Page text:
A Discovery of Witches ReviewSometimes, you just can’t find that awesome book that fulfills your need for witchy fun, fantasy, romance and a dash of deadly adventure. The Harry Potter series ended (well, at least for the moment, but there are more coming in the future) and now the books you grew up with and read dozens of times need a friend on the bookshelf. Let me tell you about the All Souls Trilogy by Deborah Harkness and its first book, A Discovery of Witches. These have been some of my favorite books in recent years and have found a happy home on my bookshelf with other amazing stories of magic, love and bravery.

Allow me to introduce to the female protagonist of this story: Diana Bishop. She is a historian studying at Oxford’s Bodleian Library when her life is turned upside down by the discovery of an ancient tome on alchemy known as Ashmore 782. Despite being descended from a long line of prestigious witches, Diana has chosen to do things the traditional way for humans, opting out of any magical shortcuts save for a few spells here and there. Not that she was ever very good at magic anyway; most of her spells backfired or came out wrong. She is a strong-willed, intelligent woman who knows what she wants and is willing to work to get it. Which makes the male protagonist all the more insufferable to her.

Matthew Clairmont is a self-assured, perhaps slightly cocky geneticist at Oxford that has taken a keen interest in Diana. She is utterly put off by his charms and his insistence that he’s simply protecting her from things she may not yet be aware of. She politely, and often impolitely, tells him to take a hike. Ohh, and did I mention he’s a vampire? A vampire that is centuries old and thankfully is not interested in roaming high schools for a mate or glittering like a Lisa Frank sticker book in sun. No, Matthew Clairmont is a man who sets his mind to something and sees it through.

However, when it becomes apparent to Diana that she might suffer the same fate as her parents, tragically killed when she was just seven years old, she begins to have a change of heart and at least tries to forge a working friendship with this handsome rogue who has taken up the mantle of her protection, whether she likes it or not. Creatures of all kinds are after Ashmore 782, and Diana seems to be the only one who has seen it in a long, long time.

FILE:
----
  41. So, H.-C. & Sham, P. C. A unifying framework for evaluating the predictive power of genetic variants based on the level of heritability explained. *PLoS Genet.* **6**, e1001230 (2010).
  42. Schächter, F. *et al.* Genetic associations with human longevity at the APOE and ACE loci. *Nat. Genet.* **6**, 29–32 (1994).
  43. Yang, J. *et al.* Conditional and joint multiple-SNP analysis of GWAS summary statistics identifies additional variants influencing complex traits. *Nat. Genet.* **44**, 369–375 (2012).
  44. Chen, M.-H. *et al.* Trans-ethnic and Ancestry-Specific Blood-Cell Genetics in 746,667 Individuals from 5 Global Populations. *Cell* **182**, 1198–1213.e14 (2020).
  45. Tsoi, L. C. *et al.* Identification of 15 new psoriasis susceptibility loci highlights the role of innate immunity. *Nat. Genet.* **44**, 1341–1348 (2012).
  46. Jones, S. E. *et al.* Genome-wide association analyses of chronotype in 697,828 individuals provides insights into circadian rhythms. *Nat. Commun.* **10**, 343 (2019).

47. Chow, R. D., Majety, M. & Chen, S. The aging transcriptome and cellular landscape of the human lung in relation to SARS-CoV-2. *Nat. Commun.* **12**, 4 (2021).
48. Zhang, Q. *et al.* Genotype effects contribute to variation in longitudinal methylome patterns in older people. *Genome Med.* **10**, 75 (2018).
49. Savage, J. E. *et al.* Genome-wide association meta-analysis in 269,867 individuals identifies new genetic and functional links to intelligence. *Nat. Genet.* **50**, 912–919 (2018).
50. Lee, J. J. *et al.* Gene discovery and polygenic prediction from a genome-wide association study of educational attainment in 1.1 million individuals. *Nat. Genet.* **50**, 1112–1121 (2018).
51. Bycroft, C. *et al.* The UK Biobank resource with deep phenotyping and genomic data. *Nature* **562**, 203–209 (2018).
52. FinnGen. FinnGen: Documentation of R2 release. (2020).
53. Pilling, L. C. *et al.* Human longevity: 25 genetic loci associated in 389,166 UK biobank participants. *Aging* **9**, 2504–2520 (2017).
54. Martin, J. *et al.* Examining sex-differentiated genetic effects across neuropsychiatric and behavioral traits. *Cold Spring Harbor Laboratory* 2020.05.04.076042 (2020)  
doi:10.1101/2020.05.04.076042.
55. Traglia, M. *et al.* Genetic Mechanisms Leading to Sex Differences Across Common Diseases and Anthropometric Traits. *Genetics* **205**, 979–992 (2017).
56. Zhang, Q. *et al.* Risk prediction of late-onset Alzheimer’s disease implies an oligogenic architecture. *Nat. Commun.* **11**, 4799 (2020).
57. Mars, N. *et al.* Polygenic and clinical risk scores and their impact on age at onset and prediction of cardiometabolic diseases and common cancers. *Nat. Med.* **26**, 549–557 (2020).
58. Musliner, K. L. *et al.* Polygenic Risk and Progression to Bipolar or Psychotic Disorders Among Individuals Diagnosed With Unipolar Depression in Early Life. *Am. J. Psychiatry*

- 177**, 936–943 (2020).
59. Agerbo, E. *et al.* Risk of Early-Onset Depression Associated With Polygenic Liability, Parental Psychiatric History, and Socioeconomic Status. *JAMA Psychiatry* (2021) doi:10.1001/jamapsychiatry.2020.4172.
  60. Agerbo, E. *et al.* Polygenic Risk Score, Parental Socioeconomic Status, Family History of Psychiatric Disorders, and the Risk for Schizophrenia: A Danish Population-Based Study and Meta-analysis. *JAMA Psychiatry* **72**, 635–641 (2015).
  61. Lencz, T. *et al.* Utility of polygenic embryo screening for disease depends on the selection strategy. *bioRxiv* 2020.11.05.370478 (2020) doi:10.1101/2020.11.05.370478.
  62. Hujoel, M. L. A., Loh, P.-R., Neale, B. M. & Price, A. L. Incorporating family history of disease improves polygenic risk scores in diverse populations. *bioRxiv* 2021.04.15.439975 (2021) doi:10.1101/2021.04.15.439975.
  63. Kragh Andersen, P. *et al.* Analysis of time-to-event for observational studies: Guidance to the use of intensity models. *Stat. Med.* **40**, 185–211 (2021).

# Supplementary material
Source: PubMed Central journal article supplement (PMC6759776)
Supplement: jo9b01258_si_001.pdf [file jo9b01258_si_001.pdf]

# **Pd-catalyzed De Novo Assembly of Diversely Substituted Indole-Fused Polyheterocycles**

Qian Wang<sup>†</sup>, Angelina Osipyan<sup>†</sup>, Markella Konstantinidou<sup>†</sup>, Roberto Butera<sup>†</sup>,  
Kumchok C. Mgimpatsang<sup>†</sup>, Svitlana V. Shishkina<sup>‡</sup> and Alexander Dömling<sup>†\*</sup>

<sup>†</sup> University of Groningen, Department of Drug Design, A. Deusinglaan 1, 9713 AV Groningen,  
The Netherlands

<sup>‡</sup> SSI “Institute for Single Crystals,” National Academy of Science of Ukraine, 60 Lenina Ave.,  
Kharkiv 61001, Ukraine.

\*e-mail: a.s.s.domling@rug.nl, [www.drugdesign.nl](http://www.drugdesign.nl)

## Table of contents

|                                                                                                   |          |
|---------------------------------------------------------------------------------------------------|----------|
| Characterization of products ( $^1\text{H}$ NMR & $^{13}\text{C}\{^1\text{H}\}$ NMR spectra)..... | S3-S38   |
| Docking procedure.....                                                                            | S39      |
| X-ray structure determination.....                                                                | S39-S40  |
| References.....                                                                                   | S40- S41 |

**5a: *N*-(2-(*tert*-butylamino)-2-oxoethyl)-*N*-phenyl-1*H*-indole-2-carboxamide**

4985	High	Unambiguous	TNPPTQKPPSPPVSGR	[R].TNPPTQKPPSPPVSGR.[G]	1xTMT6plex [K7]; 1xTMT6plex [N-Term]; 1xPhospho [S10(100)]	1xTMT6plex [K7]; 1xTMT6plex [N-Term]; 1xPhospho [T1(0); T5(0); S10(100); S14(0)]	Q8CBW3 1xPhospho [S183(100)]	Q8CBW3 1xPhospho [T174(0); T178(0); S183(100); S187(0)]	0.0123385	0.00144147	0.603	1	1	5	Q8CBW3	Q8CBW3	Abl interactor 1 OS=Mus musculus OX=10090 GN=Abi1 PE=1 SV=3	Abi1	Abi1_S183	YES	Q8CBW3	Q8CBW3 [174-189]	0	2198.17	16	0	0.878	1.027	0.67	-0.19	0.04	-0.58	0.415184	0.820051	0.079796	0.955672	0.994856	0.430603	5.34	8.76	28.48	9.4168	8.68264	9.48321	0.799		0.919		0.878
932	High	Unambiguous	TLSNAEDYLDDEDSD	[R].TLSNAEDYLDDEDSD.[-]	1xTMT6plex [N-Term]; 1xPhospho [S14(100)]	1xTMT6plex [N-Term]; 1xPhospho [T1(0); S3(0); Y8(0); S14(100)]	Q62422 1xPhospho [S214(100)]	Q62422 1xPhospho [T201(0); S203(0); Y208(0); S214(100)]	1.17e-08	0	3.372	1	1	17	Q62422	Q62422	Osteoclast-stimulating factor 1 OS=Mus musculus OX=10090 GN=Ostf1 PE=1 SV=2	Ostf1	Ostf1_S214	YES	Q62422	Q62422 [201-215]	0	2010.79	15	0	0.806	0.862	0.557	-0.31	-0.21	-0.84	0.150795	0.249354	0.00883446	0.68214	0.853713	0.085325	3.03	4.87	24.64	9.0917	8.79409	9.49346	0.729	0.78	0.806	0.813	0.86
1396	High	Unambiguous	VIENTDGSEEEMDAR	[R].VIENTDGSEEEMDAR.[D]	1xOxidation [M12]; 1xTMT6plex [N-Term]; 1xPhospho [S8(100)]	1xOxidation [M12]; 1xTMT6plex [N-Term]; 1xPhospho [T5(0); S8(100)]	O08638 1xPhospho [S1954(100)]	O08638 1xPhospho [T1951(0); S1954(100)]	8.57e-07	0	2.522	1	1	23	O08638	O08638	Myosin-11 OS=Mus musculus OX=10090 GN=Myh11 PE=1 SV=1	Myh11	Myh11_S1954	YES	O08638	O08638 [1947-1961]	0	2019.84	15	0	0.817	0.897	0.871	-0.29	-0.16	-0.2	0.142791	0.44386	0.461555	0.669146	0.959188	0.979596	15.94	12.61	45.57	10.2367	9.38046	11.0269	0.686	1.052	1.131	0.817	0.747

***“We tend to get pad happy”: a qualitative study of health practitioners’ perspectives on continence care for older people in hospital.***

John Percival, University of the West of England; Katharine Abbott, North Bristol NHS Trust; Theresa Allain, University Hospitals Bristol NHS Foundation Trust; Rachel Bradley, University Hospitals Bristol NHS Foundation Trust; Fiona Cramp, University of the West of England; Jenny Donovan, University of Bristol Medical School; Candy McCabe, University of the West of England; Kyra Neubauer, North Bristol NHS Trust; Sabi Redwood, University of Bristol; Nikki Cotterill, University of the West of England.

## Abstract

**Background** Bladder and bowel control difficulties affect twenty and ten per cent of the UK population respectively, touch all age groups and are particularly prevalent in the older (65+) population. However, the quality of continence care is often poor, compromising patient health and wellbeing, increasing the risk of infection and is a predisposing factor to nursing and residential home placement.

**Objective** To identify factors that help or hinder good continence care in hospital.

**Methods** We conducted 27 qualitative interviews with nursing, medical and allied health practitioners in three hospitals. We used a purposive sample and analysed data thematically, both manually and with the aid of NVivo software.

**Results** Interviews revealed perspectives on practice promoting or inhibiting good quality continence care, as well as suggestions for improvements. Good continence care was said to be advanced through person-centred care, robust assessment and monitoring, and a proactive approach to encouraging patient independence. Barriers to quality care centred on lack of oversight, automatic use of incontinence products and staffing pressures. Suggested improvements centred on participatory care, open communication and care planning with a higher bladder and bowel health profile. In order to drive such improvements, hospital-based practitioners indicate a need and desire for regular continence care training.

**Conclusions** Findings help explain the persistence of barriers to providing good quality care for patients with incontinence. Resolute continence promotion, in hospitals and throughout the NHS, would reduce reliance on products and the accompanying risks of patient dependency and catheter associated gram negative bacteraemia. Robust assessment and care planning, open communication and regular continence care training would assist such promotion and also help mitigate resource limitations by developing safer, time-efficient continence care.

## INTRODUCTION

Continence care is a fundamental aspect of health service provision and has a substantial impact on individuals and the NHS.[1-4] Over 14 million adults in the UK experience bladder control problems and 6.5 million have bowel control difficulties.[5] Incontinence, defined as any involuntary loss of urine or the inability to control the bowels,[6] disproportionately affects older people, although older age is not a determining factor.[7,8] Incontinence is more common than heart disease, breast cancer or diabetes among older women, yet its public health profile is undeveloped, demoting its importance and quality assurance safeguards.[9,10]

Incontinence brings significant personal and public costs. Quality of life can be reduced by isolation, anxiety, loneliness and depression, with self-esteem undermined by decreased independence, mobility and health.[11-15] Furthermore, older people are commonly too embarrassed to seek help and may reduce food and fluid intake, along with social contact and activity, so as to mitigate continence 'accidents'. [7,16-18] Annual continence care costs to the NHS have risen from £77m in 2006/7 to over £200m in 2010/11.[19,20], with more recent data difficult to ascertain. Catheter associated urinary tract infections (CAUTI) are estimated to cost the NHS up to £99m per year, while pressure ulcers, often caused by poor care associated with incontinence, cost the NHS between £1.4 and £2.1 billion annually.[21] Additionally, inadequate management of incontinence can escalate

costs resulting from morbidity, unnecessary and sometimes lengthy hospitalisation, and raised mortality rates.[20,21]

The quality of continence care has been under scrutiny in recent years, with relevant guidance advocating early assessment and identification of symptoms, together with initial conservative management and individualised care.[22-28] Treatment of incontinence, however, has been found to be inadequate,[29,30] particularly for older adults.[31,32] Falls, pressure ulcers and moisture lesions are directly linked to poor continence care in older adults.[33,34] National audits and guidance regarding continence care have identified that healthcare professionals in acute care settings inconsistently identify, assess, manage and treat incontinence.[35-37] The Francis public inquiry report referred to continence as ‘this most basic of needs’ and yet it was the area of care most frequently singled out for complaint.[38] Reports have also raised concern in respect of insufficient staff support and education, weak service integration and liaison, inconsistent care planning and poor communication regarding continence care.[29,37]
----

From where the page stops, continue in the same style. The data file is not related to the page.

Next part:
Overall the book is a nail-biting adventure full of realistic portrayals of people and their relationships despite the fact that some of them drink blood to stay alive and others soar through the skies on magical powers alone. There is no “perfect” character who never makes poor choices or the wrong move. The villains are thoroughly hated without being shallow, mustache-twirling caricatures. No Mary Sue people allowed within these pages.

I think that’s what I enjoyed most about the book: everyone seemed like real people with genuine reactions to things (most of the time). There was no awkwardly ham-fisted scenes of romance or passion where they didn’t belong, nor foolish bouts of stupid bravery that weren’t scolded. You raced through the adventure with them, and I found myself unable to put the book down once I got started. It’s definitely a book for people who grew up with loving fantasy adventures that made sense and kept you on the edge of your seat the whole ride.

This book gets my stamp of approval and 4 out of 5 cauldrons!

 

4 out of 5 Cauldrons